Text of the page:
The North Atlantic Ocean is one of the most challenging, unpredictable and dangerous bodies of water in the world. I am going to attempt to row solo from New York to Stornoway, on the Isle of Lewis, a total distance of 3400 miles (approx!).
Only 10 people have successfully rowed solo from West to East across the North Atlantic (more people have walked on the moon!) and no one has ever completed the route that I am undertaking.
I will leave New York at the end of May 2014. Initially, my route will take me east, roughly following a course of 40 degrees north latitude before I begin to head north east towards the U.K., taking advantage of the Gulf Stream, and subsequently the North Atlantic Drift, to help me on my journey home. I aim to arrive in Stornoway, at the beginning of September...2014!
Most previous crossings have made landfall in the Scilly Isles, off the southwest coast of the U.K., but I have decided to try and get all the way back to Stornoway as I feel that the fact I am rowing home will keep me going and get me through even the most difficult times.
The NY2SY: Solo Atlantic Row will involve rowing for 12 hours, each day, for 3 months as well as coping with the various hazards the North Atlantic Ocean can present:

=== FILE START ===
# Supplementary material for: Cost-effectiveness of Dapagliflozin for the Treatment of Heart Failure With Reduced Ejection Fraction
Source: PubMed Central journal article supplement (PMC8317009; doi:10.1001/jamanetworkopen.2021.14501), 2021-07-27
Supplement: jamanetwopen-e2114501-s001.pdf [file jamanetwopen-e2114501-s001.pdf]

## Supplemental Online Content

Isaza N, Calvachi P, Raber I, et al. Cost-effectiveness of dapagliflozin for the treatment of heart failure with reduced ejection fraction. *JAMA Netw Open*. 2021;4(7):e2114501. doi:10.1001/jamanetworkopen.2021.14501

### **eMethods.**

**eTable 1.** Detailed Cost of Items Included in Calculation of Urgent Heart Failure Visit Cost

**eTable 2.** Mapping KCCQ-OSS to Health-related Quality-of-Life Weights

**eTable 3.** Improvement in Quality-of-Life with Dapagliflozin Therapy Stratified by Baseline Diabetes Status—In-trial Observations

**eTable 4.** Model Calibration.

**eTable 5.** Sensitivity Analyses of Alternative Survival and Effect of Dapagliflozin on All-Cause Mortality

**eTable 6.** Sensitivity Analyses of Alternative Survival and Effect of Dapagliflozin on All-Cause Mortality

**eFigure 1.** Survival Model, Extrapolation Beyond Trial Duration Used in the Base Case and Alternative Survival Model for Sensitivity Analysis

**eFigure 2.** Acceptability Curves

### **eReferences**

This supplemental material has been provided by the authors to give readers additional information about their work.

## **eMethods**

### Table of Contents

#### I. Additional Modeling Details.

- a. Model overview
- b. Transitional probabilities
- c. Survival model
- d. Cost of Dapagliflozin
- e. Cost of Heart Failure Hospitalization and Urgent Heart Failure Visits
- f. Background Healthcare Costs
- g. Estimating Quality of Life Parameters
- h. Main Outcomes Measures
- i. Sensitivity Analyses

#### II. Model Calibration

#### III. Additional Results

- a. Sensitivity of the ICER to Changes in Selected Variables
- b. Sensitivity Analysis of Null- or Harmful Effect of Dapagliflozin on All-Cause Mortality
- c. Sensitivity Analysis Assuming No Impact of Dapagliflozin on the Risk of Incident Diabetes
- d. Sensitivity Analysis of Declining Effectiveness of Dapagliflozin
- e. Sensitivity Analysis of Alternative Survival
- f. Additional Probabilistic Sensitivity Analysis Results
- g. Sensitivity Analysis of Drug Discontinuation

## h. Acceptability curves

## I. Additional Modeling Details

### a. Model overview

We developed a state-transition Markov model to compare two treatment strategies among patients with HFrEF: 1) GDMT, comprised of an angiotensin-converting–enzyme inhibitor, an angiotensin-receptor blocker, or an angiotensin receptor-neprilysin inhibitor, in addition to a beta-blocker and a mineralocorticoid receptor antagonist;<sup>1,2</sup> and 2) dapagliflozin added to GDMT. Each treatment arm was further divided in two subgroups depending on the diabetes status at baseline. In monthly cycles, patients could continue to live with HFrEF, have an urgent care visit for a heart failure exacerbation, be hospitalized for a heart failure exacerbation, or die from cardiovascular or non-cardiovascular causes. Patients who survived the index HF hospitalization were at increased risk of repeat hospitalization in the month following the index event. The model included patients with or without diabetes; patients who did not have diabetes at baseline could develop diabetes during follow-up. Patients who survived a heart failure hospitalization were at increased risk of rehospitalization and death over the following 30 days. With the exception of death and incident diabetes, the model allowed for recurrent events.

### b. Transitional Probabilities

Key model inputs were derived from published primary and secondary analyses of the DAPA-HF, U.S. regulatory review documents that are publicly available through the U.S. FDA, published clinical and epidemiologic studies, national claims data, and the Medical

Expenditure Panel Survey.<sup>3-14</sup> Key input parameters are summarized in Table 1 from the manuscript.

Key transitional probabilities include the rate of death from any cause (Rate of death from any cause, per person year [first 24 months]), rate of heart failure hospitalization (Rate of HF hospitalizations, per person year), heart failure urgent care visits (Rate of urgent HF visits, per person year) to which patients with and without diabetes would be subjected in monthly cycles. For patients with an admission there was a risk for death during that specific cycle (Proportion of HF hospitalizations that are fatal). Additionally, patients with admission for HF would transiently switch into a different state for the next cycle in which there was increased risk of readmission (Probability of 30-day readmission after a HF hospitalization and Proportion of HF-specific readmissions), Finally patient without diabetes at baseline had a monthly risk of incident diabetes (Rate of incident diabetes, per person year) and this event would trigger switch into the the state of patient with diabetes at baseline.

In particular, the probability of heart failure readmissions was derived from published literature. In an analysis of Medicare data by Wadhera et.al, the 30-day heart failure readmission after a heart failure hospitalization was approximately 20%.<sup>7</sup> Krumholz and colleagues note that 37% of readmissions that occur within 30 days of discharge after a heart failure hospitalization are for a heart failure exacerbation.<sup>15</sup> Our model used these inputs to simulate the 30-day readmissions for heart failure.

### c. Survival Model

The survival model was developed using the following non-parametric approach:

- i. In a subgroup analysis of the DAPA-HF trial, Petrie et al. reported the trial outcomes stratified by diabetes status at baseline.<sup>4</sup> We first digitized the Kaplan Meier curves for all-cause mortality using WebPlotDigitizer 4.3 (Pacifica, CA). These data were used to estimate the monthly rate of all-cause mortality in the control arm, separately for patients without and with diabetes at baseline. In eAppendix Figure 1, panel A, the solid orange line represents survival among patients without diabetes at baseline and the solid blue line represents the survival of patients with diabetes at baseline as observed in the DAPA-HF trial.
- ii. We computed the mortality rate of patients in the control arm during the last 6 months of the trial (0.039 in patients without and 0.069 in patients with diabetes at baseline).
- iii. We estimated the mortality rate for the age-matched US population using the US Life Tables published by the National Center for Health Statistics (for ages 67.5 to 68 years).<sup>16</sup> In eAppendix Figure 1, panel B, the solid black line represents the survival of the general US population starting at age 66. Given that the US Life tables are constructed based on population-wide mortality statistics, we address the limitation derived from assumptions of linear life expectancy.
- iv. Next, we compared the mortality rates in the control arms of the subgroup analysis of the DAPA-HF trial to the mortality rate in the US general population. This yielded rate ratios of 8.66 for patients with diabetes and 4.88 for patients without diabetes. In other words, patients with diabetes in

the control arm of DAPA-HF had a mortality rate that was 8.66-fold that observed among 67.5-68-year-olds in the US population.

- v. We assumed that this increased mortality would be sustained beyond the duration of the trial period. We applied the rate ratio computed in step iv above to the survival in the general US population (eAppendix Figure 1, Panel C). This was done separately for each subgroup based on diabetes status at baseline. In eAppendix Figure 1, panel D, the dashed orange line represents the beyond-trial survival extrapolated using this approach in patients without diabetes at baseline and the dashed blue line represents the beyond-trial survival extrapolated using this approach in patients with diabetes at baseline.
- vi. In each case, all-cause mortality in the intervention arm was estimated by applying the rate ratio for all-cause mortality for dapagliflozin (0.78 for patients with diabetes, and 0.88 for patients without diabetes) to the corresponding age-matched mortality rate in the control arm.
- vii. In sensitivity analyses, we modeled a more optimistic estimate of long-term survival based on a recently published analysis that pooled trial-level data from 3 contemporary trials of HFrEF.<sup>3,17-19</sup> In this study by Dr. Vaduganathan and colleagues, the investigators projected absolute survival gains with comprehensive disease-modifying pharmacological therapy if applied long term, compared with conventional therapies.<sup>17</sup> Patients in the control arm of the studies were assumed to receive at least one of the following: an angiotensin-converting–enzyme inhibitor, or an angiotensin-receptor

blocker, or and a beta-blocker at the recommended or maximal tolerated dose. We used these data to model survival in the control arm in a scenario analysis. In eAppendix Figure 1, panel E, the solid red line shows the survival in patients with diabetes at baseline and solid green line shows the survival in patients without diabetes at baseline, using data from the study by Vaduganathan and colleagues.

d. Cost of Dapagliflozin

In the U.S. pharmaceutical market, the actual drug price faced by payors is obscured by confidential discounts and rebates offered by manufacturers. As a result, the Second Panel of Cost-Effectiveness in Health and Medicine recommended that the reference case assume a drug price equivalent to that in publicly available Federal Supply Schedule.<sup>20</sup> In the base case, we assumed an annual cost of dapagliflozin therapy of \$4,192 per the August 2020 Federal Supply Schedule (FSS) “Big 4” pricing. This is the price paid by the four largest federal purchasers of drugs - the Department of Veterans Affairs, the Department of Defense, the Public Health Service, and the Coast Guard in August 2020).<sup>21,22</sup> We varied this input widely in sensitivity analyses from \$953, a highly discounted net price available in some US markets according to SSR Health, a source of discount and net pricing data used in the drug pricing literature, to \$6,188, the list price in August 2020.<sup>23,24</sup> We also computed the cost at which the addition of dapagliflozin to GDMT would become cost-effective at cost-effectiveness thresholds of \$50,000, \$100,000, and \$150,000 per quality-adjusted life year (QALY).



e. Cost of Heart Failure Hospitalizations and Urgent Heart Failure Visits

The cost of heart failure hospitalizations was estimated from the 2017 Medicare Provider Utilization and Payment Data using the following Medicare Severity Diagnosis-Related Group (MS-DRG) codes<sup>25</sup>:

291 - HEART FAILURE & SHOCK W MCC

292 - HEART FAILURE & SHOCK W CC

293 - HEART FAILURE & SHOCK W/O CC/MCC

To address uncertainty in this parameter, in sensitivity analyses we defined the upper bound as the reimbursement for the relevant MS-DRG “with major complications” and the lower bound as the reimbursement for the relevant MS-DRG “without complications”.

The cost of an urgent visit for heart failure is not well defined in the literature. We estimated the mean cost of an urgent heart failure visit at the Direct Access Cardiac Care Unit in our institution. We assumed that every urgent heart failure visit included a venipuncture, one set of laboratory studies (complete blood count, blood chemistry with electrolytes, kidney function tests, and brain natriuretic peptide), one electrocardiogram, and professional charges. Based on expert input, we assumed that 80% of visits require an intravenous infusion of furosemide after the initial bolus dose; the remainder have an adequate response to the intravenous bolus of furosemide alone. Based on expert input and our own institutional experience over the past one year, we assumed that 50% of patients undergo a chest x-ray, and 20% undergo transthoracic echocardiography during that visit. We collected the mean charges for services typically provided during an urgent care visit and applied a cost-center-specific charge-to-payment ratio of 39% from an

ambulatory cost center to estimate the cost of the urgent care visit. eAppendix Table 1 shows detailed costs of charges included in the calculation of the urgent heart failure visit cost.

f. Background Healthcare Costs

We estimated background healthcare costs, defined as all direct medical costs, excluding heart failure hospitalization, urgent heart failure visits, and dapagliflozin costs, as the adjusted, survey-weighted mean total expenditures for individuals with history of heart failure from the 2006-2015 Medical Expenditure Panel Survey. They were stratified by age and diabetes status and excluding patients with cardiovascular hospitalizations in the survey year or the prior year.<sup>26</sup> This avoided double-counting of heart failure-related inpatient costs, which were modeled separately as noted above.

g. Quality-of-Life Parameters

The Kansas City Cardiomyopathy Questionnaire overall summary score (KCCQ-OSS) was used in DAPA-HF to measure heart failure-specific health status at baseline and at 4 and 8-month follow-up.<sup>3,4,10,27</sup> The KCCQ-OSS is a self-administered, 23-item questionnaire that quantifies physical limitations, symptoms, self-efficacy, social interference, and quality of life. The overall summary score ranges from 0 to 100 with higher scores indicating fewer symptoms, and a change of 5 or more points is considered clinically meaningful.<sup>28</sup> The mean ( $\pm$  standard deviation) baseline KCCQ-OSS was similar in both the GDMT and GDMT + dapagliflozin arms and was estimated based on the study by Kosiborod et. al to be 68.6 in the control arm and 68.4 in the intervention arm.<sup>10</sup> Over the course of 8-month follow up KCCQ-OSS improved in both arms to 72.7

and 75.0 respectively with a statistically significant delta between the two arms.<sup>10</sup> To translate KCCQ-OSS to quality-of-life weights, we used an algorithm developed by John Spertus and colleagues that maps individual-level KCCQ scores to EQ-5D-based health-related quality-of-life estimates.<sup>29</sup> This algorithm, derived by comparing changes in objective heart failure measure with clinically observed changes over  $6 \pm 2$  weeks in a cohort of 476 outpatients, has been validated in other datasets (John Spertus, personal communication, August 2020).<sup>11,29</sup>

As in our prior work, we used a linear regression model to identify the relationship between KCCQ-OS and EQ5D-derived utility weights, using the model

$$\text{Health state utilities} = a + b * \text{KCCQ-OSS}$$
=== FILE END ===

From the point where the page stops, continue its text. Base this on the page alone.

Hurricane season lasts from June until November. These tropical storms originate in Equatorial regions (off the coast of Africa, the Caribbean and the Gulf of Mexico) and make their way north along the eastern seaboard of the U.S.A. before heading out into the North Atlantic. During a hurricane winds can reach speeds in excess of 70 mph and waves can exceed 15 metres in height.
The North Atlantic is the one of the world’s busiest shipping lanes with huge tankers, bulk carriers and cruisers sailing back and forth between Europe and North America.
Although the North Atlantic Ocean is vast, the chances of striking an unknown object are very real. Ocean row boats have been badly damaged, and even sunk, due to such collisions and there is very little that can be done to prevent them. These objects are often hard to spot due to them being submerged and threats to vessels include timber, shipping containers and fuel drums.
Thousands of icebergs are calved every year from glaciers located along the west coast of Greenland and a small percentage are carried far south by the Labrador Current into the North Atlantic. The chances of encountering an iceberg are small, but it could happen, and it would be potentially very dangerous if I were to be in close proximity to one during rough weather.
I will also have to deal with the isolation that I will encounter during my 90+ days at sea, as I push myself, both physically and mentally, to the very limits of my endurance.
The North Atlantic route was first rowed in 1896 by two Norwegian immigrants, George Harbo and Frank Samuelson, who took 55 days to row from New York to the Scilly Isles, in their 18 ft long wooden dory 'Fox'. Given the limited technology and equipment of the day, their achievement is truly remarkable. Those brave men are an inspiration to me.